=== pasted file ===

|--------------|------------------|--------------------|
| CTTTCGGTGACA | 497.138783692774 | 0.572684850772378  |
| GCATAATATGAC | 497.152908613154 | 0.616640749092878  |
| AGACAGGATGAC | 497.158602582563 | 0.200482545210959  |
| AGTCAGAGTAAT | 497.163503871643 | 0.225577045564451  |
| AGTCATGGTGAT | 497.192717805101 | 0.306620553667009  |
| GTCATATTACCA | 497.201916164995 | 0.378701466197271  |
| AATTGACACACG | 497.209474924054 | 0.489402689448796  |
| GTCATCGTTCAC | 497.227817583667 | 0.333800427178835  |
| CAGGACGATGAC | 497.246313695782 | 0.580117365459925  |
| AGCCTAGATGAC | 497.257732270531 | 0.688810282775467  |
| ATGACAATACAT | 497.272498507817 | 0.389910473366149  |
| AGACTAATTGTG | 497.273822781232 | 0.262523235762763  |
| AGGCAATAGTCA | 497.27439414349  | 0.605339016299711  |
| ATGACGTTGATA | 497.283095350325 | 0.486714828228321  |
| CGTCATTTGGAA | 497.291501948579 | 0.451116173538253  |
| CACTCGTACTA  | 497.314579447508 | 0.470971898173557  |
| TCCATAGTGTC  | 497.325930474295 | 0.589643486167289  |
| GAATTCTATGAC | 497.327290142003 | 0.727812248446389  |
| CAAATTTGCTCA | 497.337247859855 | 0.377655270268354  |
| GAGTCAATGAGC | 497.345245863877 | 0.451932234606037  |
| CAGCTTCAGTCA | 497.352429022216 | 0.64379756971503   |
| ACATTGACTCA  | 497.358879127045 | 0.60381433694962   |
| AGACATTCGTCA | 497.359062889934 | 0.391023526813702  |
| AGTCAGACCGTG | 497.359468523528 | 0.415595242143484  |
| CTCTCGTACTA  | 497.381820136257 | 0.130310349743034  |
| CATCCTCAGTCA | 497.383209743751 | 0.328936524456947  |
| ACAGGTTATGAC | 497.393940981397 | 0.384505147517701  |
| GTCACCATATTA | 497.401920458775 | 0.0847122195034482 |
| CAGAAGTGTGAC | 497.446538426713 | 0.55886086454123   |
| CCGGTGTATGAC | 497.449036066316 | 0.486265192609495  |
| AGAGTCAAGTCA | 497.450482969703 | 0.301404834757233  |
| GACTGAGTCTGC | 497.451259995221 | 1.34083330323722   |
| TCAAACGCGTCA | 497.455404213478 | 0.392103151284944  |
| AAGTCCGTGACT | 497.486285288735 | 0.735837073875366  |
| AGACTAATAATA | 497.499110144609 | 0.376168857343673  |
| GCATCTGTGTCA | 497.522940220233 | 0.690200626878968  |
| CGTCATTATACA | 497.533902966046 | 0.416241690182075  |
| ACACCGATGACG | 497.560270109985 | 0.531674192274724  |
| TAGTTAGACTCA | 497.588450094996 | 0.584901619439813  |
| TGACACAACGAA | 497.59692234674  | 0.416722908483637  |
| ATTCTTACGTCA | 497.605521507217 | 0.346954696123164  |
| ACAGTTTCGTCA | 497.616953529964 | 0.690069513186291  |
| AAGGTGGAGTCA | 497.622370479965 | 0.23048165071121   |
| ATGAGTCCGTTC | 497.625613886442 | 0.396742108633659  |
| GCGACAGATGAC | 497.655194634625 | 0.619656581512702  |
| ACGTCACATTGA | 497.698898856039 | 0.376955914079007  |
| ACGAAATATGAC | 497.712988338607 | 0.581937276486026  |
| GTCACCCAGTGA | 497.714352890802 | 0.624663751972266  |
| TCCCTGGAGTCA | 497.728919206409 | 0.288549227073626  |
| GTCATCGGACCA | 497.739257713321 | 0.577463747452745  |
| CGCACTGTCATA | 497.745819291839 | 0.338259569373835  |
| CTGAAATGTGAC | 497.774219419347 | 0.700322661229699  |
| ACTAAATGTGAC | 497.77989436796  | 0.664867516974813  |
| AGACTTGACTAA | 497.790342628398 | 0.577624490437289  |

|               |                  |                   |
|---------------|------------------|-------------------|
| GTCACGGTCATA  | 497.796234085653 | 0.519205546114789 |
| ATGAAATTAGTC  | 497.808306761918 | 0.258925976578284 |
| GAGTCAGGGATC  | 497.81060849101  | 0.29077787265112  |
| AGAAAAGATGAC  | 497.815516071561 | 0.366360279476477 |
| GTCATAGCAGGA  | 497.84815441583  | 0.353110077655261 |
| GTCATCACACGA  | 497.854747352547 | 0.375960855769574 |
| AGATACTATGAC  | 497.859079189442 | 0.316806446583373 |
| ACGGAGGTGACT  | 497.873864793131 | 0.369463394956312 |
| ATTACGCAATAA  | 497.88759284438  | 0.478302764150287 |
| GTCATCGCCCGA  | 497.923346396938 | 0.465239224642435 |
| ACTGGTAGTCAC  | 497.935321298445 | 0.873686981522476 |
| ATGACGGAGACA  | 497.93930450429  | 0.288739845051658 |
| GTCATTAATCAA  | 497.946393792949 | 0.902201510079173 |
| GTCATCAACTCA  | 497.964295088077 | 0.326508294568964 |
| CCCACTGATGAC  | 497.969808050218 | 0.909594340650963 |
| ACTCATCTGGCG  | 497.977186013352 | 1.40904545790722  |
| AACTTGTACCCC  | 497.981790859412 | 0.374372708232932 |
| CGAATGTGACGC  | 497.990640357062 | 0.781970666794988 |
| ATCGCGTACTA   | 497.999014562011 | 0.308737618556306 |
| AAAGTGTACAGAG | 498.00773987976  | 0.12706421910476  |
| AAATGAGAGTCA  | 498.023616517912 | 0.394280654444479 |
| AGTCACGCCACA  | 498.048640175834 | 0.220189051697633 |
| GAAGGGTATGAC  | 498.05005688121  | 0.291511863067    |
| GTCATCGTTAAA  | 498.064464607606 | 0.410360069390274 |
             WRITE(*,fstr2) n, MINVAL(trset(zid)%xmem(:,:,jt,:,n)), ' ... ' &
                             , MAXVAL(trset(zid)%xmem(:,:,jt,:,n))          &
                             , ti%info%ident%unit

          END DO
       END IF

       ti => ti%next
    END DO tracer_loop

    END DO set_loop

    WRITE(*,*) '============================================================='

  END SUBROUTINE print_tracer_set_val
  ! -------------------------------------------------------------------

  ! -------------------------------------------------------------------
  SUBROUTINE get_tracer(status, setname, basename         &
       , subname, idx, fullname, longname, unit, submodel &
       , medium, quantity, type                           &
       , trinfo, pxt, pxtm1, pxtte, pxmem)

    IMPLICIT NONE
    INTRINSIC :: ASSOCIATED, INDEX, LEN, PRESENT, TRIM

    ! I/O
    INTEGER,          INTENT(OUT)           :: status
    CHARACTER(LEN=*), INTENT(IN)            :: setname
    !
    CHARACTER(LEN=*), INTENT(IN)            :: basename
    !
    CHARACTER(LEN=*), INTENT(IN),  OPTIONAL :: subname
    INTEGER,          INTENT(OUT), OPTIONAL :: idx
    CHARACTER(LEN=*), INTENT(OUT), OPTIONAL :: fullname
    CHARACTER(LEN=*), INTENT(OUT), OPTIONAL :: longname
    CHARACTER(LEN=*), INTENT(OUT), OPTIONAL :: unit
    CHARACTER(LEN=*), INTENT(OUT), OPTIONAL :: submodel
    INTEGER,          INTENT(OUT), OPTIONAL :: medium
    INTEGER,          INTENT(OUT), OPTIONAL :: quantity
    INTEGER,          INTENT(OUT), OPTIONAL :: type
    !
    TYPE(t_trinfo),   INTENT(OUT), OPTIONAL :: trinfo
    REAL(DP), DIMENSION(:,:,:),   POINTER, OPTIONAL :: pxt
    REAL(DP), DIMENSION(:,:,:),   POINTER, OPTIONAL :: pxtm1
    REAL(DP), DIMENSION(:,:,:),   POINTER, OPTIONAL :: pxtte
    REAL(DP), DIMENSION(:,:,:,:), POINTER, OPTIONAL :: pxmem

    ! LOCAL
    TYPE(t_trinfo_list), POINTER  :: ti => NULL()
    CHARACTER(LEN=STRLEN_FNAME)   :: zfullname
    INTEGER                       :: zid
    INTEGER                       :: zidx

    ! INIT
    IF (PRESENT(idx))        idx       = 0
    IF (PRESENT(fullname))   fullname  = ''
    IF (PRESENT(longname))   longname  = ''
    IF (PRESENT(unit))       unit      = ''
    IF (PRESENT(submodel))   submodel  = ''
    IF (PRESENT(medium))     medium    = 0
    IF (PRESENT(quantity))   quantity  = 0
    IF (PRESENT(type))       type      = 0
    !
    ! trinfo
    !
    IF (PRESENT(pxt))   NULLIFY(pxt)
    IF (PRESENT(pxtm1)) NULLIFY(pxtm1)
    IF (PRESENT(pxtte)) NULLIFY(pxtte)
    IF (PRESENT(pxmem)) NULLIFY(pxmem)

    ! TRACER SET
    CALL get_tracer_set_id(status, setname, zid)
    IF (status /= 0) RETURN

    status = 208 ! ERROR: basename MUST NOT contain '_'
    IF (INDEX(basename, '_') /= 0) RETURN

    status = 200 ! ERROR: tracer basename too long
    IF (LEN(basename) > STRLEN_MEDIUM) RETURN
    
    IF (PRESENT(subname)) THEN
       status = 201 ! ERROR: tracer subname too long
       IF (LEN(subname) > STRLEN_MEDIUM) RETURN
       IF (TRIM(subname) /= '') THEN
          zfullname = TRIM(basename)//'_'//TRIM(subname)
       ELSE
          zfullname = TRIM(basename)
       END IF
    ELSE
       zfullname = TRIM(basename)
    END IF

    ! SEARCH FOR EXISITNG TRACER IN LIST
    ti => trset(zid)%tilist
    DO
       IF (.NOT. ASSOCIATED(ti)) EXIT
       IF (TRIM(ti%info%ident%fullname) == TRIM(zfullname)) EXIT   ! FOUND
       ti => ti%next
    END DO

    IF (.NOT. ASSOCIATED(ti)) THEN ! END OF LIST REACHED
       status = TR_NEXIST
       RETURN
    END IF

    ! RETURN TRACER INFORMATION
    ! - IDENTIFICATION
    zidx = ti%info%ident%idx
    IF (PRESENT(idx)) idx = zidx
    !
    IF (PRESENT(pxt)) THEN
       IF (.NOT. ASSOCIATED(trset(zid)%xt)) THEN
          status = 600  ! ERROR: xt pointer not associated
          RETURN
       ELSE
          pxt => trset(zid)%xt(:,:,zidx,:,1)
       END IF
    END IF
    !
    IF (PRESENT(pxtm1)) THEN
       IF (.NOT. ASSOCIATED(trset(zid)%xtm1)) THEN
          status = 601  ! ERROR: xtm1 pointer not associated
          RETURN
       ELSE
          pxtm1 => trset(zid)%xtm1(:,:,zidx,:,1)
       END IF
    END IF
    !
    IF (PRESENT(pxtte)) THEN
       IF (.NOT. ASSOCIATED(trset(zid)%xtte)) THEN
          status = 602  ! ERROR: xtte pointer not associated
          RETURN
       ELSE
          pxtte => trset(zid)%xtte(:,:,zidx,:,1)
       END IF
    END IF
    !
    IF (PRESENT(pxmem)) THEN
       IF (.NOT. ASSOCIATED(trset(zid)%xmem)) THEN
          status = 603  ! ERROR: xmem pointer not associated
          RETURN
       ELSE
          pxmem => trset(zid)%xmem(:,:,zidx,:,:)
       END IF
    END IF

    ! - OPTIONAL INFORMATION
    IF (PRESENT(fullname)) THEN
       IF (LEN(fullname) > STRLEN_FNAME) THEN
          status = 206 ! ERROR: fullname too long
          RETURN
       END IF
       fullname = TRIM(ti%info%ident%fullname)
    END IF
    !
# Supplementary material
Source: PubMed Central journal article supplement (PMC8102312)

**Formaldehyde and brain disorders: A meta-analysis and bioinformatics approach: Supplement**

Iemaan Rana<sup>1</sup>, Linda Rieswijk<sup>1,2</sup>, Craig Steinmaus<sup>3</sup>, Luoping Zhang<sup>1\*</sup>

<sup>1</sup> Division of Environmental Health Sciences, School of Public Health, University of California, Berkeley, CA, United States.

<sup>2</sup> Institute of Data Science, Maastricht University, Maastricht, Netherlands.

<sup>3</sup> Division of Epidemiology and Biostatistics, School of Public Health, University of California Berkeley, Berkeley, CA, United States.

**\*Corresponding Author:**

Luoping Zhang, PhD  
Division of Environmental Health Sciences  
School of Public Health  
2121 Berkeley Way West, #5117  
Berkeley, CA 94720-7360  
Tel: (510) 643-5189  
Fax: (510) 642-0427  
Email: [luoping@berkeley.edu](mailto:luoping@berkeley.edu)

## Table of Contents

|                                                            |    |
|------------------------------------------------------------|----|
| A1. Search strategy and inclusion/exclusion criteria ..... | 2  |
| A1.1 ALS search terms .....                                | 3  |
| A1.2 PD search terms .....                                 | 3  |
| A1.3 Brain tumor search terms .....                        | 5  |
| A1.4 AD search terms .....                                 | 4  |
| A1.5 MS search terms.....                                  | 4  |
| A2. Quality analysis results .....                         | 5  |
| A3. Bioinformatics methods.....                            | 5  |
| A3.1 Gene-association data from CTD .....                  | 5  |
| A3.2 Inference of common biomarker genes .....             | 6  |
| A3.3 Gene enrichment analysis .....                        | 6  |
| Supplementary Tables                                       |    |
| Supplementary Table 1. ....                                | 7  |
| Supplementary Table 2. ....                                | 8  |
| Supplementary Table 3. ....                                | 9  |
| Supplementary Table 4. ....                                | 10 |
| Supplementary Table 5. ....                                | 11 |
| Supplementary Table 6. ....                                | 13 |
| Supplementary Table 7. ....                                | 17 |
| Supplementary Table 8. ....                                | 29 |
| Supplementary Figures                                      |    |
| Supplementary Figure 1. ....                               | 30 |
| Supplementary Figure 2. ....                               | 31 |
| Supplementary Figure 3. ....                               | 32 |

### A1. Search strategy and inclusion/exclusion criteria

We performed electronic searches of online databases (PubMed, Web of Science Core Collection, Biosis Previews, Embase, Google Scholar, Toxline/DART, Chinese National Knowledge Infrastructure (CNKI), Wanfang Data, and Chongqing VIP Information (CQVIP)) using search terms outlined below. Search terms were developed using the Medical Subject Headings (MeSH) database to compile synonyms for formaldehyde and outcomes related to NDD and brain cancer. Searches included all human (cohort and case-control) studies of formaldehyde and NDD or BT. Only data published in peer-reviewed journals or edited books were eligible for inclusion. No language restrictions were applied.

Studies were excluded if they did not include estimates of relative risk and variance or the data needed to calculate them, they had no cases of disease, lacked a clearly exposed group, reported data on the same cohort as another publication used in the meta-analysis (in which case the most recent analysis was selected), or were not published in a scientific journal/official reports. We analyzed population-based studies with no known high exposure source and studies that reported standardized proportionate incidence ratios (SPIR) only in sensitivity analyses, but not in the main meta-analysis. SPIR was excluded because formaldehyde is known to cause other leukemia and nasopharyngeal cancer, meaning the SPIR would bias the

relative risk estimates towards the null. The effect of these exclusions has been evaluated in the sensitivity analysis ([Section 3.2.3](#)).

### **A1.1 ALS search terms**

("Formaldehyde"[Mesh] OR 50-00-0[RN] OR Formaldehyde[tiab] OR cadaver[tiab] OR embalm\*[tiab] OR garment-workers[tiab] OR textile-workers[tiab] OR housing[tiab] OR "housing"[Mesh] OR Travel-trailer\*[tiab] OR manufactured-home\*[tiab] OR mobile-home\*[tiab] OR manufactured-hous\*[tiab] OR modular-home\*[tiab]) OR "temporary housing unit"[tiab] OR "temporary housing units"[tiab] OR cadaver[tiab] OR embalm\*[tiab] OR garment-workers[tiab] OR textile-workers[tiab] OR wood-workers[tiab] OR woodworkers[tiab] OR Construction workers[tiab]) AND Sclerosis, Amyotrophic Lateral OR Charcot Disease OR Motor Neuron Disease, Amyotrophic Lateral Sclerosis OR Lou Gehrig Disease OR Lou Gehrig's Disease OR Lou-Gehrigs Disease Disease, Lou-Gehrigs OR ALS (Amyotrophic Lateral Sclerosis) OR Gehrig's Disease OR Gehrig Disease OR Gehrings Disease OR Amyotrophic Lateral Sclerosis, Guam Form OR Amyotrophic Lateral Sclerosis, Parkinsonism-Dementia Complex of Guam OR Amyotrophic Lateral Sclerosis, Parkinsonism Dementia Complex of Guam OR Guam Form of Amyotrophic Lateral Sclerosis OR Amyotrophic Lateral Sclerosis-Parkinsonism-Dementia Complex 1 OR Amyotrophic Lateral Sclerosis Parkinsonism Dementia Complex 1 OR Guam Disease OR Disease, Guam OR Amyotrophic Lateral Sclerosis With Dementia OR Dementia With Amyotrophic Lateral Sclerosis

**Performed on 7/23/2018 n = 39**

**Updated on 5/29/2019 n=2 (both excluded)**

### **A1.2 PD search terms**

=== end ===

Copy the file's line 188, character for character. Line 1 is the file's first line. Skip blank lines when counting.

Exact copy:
          RETURN